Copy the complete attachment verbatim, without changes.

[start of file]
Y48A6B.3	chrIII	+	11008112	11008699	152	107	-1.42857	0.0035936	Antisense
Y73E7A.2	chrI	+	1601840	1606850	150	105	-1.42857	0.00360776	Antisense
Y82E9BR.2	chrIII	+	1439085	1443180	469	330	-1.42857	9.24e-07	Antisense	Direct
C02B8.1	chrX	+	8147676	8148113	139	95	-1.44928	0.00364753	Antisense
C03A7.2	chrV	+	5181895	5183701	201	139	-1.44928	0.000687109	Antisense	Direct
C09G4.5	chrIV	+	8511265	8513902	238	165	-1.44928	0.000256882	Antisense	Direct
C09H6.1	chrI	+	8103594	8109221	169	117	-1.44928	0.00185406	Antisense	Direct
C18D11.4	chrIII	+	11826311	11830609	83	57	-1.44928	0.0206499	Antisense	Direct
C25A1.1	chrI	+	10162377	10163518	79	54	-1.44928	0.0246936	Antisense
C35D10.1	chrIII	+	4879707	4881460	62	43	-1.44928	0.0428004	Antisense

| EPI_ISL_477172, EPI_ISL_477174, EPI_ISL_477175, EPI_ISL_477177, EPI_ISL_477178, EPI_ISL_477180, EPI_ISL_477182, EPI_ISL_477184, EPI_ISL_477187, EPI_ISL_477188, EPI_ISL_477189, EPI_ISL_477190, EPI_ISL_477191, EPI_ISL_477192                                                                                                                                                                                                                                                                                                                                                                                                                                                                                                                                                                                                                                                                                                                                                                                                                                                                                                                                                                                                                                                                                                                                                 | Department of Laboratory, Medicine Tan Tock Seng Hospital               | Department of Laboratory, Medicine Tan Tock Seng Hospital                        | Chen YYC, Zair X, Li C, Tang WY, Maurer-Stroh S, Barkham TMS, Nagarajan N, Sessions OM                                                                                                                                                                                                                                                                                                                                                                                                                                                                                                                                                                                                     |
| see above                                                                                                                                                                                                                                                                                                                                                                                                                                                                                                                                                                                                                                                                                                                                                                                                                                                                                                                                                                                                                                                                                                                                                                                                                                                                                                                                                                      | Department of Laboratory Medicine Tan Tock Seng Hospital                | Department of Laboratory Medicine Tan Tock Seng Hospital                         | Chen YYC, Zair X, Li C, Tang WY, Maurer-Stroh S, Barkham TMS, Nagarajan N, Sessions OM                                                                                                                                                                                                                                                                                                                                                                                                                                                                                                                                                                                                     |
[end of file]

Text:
Y48A6B.3	chrIII	+	11008112	11008699	152	107	-1.42857	0.0035936	Antisense
Y73E7A.2	chrI	+	1601840	1606850	150	105	-1.42857	0.00360776	Antisense
Y82E9BR.2	chrIII	+	1439085	1443180	469	330	-1.42857	9.24e-07	Antisense	Direct
C02B8.1	chrX	+	8147676	8148113	139	95	-1.44928	0.00364753	Antisense
C03A7.2	chrV	+	5181895	5183701	201	139	-1.44928	0.000687109	Antisense	Direct
C09G4.5	chrIV	+	8511265	8513902	238	165	-1.44928	0.000256882	Antisense	Direct
C09H6.1	chrI	+	8103594	8109221	169	117	-1.44928	0.00185406	Antisense	Direct
C18D11.4	chrIII	+	11826311	11830609	83	57	-1.44928	0.0206499	Antisense	Direct
C25A1.1	chrI	+	10162377	10163518	79	54	-1.44928	0.0246936	Antisense
C35D10.1	chrIII	+	4879707	4881460	62	43	-1.44928	0.0428004	Antisense

| EPI_ISL_477172, EPI_ISL_477174, EPI_ISL_477175, EPI_ISL_477177, EPI_ISL_477178, EPI_ISL_477180, EPI_ISL_477182, EPI_ISL_477184, EPI_ISL_477187, EPI_ISL_477188, EPI_ISL_477189, EPI_ISL_477190, EPI_ISL_477191, EPI_ISL_477192                                                                                                                                                                                                                                                                                                                                                                                                                                                                                                                                                                                                                                                                                                                                                                                                                                                                                                                                                                                                                                                                                                                                                 | Department of Laboratory, Medicine Tan Tock Seng Hospital               | Department of Laboratory, Medicine Tan Tock Seng Hospital                        | Chen YYC, Zair X, Li C, Tang WY, Maurer-Stroh S, Barkham TMS, Nagarajan N, Sessions OM                                                                                                                                                                                                                                                                                                                                                                                                                                                                                                                                                                                                     |
| see above                                                                                                                                                                                                                                                                                                                                                                                                                                                                                                                                                                                                                                                                                                                                                                                                                                                                                                                                                                                                                                                                                                                                                                                                                                                                                                                                                                      | Department of Laboratory Medicine Tan Tock Seng Hospital                | Department of Laboratory Medicine Tan Tock Seng Hospital                         | Chen YYC, Zair X, Li C, Tang WY, Maurer-Stroh S, Barkham TMS, Nagarajan N, Sessions OM                                                                                                                                                                                                                                                                                                                                                                                                                                                                                                                                                                                                     |